This means that the Z-axis goes up, not the Y-axis. A very important thing to keep in mind when you start just working at high speed, and then things going the wrong direction, you might like to remember this. So let's look at the same object being transformed in our Main camera, I'll just go ahead and use my right button to pan over, and I'm going to mouse into this rectangle area, and I'm going to move, and again, we see we can have free control over it, or I can control my axes, which are being constrained.
So that's the basic way that you would control the positioning transformation of an object. Now you also have other transforms of course, transforms are move, scale and rotate, and so you can rotate in three different ways, you can actually do it like this, and so what we're doing here is we're rotating the object by first getting the icon, the cursor to change. And so in this mode, it's going to move, in this mode, it's going to rotate, and when you see the cursor go like this, it's going to scale.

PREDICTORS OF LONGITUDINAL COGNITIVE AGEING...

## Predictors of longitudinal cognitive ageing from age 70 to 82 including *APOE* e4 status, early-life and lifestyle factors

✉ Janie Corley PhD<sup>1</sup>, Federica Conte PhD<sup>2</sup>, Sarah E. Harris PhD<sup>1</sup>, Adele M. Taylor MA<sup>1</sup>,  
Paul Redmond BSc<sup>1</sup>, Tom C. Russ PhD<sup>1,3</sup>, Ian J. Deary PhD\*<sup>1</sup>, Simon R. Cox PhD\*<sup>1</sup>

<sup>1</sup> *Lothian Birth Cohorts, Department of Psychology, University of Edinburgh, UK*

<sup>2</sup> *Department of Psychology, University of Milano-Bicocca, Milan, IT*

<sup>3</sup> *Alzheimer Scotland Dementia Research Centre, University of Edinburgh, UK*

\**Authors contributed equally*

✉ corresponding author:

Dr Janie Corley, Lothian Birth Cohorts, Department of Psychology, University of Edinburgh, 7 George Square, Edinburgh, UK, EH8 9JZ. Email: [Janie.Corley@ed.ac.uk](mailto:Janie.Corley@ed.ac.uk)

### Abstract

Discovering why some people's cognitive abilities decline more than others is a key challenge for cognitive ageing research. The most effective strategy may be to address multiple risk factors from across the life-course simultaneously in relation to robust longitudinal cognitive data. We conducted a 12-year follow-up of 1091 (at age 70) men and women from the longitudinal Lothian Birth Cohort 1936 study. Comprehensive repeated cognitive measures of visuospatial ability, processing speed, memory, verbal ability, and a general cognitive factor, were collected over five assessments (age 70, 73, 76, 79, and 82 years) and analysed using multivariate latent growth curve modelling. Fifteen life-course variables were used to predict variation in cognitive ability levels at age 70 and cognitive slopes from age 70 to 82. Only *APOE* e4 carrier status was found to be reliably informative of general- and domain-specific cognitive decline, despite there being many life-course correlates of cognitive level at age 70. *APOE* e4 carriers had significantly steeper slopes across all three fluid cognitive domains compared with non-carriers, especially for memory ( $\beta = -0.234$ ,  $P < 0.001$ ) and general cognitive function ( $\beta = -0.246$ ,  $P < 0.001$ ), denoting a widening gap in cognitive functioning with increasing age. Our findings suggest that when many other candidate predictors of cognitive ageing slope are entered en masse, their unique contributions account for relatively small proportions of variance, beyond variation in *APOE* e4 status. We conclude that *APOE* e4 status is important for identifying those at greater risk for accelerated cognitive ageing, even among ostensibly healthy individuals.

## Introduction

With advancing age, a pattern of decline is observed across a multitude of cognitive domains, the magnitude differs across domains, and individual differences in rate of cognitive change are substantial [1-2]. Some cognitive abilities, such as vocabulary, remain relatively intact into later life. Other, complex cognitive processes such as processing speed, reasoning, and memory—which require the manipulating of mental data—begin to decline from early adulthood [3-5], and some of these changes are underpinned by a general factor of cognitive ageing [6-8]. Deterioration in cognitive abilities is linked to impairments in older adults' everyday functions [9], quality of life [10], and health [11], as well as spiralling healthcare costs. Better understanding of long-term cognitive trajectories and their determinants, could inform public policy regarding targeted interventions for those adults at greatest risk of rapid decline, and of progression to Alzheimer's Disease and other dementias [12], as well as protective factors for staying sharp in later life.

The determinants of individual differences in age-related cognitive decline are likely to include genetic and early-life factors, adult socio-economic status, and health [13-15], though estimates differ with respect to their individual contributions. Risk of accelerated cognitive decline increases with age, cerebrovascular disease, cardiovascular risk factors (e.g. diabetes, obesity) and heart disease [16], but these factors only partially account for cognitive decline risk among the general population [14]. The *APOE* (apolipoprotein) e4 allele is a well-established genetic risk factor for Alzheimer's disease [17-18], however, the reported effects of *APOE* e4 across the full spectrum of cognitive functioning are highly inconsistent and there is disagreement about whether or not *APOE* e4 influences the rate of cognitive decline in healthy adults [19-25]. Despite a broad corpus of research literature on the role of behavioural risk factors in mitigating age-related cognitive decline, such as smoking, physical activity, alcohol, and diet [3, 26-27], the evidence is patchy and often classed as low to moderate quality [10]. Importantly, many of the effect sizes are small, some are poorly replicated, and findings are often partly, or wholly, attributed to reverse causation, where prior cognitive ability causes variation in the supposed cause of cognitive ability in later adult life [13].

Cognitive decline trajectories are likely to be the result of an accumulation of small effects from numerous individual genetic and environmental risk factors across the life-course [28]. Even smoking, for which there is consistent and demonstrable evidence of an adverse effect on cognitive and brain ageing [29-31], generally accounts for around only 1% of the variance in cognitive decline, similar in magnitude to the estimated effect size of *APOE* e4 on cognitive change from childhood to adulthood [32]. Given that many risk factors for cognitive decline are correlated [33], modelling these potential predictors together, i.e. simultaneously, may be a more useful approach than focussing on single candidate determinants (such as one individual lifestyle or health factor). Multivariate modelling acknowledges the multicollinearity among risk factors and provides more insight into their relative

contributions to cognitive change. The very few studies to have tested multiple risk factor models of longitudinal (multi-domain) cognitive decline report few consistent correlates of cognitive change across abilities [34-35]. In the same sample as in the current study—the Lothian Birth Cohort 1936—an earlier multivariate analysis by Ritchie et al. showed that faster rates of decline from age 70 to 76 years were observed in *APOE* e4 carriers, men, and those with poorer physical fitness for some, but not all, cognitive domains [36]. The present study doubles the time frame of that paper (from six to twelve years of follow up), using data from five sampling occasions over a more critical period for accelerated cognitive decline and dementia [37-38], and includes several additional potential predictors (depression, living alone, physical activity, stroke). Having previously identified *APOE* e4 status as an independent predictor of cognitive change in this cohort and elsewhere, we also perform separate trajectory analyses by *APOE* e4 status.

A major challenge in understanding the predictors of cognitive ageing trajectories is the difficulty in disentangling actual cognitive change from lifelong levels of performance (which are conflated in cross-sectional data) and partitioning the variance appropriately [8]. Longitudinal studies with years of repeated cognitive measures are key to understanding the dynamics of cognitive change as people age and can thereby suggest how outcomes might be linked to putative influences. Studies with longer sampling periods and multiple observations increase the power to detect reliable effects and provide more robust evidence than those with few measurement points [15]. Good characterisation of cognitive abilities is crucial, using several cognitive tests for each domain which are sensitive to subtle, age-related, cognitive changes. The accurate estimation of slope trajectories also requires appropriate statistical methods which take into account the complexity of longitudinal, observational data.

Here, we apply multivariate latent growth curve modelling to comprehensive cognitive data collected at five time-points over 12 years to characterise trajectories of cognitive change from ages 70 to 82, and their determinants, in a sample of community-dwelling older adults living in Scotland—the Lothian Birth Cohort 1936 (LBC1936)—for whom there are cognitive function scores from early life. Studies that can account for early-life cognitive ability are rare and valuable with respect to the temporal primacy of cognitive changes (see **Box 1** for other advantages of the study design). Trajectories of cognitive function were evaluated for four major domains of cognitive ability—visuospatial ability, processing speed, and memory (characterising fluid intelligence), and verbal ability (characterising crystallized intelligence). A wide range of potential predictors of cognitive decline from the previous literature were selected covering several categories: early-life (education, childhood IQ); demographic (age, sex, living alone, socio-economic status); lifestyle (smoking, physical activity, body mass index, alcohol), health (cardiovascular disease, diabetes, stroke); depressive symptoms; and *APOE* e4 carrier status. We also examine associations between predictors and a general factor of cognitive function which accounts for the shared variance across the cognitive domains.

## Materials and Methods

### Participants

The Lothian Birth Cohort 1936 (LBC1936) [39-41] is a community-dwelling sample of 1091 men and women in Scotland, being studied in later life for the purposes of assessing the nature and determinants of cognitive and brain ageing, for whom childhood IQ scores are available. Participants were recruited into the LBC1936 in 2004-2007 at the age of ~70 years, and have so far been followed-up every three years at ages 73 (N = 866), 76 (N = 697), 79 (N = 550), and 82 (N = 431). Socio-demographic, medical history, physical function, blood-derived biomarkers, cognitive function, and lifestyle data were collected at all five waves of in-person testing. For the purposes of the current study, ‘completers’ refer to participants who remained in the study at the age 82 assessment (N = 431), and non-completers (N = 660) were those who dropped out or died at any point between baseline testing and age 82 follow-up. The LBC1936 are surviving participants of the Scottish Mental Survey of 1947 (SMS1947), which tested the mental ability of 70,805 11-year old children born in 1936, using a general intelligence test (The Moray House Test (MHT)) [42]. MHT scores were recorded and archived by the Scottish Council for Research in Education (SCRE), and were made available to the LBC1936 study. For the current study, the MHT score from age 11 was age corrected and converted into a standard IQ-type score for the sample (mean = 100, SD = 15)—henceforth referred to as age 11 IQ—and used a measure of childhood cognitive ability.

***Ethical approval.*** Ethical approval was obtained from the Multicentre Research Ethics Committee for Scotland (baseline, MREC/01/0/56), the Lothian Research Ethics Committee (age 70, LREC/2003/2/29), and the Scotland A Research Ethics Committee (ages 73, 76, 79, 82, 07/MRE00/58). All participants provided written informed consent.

So it's like this uni-tool, it's pretty cool. And so also, the other way we can rotate is to turn our gizmo, and this is called a gizmo, that's a very technical word, and now we get these bands, these rotation bands, and then you can hold the band to rotate it. And also, here in your numerics, you can go to orientation, and you can get your pitch, yaw, roll, which are traditionally used for describing motion or rotation in 3D applications.